What’s special about IIUM?

This article was never finished. I publish it in relation to this article, because it shows the environment of IIUM. Some part of this post was cut and some part was added to better reflect the changes.

Assalamualaikum everyone. One of the most read article from this blog is the Past, Present and Future of IIUM. In that article which is actually an assignment for one of my class, I wrote about what I think about IIUM. Two years has passed and I’ve just ended my final studying semester from IIUM. So today I’m going to write an update regarding that in the perspective of a graduating student. I’m going to talk about IIUM Gombak specifically, not CFS or IIUM Kuantan or any other IIUM campus. I’m also going to refrain from talking about Kuliyyah of Information and Communication Technology (KICT). That will come later as a separate post. This post is more of a general review without considering a specific Kuliyyah. Although admittedly, my perspective is influenced by KICT.

The original article have a general critical tone towards IIUM. Somewhere in the article I said that IIUM is not very international, not very islamic, not as “university” as it should, but it is in Malaysia. This is, (although there are some truth to it) not a very comprehensive assessment. There are certain characteristic that makes IIUM special, and I think that article does not do it justice. 

Lets starts with the general physical inspection of IIUM Gombak. Generally, other public university in Malaysia is characterized by a large area with distinct discrete buildings forming the individual faculties, residential area and other facilities.You would definitely need a vehicle to travel between these buildings. These university are generally several kilometer square wide. Some university are effectively a town with faculties scattered throughout it. IIUM Gombak is not like that. IIUM Gombak is characterized by a large circle (not really a circle) of one way road. Most of the faculty (called kuliyyah in IIUM) and facilities is located within this circle. At the center of the circle, lies the main mosque and administration offices. Around it are the various kuliyyah except KICT as KICT is a new building outside the circle, on a hill. Surrounding this circle is the student residential area and some recreational area. Because of this, the university is quite compact. There is no distinct physical separation between kuliyyah. Most kuliyyah are effectively connected to each other. The good thing is, you can walk around the campus without a vehicle. In fact, there are dedicated tunnels under the main one way road between the residential area and the center of the university. However, it would still take about 30 minutes to walk from one end of the circle to the other end. So a motorcycle is recommended. A car however, is not so recommended because you would have trouble finding a place to park your car. That is, unless you study in KICT because there is a lot of empty parking space in KICT.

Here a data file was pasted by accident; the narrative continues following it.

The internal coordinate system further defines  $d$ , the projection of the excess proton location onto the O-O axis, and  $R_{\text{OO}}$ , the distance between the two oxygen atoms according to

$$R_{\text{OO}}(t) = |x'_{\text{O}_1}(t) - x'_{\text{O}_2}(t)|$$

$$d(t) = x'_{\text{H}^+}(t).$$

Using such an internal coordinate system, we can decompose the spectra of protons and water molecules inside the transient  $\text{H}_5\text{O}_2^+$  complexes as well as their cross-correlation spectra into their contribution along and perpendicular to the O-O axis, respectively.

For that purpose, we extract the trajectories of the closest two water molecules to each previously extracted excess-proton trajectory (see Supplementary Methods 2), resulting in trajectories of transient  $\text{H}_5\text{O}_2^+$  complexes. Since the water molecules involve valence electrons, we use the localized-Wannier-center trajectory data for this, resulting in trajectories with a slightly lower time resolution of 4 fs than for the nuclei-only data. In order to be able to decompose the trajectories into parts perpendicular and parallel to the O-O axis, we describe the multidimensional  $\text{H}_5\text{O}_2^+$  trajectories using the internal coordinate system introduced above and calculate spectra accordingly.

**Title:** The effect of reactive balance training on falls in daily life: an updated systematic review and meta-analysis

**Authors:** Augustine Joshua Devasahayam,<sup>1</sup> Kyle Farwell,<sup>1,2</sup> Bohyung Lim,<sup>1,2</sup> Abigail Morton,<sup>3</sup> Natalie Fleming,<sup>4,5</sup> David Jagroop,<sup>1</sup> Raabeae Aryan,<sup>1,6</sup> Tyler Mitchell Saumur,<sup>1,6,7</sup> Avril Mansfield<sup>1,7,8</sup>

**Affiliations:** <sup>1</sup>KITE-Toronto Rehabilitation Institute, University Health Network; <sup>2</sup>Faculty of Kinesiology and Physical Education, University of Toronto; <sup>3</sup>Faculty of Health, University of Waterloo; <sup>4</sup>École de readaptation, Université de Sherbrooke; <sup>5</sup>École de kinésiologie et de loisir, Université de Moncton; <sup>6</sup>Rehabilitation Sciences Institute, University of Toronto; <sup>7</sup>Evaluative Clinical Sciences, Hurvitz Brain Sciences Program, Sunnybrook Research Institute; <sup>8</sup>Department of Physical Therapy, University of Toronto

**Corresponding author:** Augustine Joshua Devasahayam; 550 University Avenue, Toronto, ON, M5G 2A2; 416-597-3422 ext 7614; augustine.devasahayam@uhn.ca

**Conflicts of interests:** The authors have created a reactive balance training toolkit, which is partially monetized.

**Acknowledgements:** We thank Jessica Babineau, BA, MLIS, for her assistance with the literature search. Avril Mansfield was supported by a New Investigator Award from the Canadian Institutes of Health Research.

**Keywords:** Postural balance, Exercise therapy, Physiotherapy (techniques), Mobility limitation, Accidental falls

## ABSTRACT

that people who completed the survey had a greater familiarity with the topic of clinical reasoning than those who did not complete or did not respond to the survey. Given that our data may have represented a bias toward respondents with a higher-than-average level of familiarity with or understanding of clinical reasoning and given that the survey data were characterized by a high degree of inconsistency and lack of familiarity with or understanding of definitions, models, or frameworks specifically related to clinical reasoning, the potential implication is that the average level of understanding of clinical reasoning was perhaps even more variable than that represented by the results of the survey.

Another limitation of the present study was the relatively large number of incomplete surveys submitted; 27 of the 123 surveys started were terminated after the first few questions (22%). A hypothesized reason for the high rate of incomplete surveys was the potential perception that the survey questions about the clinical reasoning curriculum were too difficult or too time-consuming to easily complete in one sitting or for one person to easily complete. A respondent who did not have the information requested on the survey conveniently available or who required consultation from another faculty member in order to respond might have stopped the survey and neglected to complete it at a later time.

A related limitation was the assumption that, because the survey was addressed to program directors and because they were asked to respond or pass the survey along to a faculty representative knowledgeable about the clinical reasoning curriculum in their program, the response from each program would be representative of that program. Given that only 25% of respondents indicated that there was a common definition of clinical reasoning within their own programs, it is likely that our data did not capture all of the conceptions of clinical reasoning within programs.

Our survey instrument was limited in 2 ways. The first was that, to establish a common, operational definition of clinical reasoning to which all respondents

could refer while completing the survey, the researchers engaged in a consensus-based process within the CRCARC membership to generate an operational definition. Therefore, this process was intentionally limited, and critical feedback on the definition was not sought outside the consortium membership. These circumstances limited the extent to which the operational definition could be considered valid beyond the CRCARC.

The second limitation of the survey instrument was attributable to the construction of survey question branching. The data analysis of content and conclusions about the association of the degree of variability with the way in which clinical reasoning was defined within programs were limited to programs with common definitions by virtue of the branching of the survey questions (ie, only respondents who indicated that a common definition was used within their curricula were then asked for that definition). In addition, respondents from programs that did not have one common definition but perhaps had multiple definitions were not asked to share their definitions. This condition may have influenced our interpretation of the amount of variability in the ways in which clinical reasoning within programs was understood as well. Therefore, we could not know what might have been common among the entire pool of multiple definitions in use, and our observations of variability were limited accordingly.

The climate in IIUM is relatively cold. Some foreign student said that IIUM is quite hot. I’m guessing they never stayed outside IIUM, because its a lot hotter outside of IIUM. The cold climate is because IIUM is surrounded by hills and forest. IIUM Gombak is located at the edge of Selangor. In some way, it is a bit remote. However, there are bus shuttle to the Gombak LRT station and its connected to a highway. This makes IIUM feels like it is somewhat in an urban area. Because it is surrounded by forests, you may stumble upon various form of wildlife. Sometimes you may stumble upon the biggest butterfly you have ever seen. Sometimes a group of monkeys visits you room. Other types of wildlife includes lizard, snake and wild boars. The geographical nature of IIUM, coupled with a not-so-modern building design feels a bit like a garden. There are two rivers flowing through the central complex. Unfortunately they often looks murky. There is a lake at the north of IIUM. Unfortunately it is now a field due to sediment accumulation due to the logging north of IIUM. It was still a lake when I was in my first year.

All buildings in IIUM follows a similar design. I’m not exactly sure why. The KICT building is a bit different, probably because it is relatively new. The design is a bit brownish with blue roof. It is not modern looking. I would describe it as ‘conservative’. Only Kuliyyah of Architecture and Environmental Design (KAED) is a bit different with its main building partially having a wooden structure. One unique thing I found in IIUM is the strange toilet design. Yes, I’m talking about toilet, as strange as it is. There is always an empty space at the side of the toilet where the pipe is hanging at about 1 meter from the floor. This is consistent on every building including KICT. This means that the pipe will never touch the floor. An ingenious design that I hope every toilet would follow. IIUM is a class based university. That means, you don’t see many lecture hall. The lecture is generally conducted in class of no more than 40 student. I generally expect a university to have a large lecture hall. That is not the case with IIUM. The conservative looks, with many classes makes IIUM looks less like a university and more like a really fancy high school.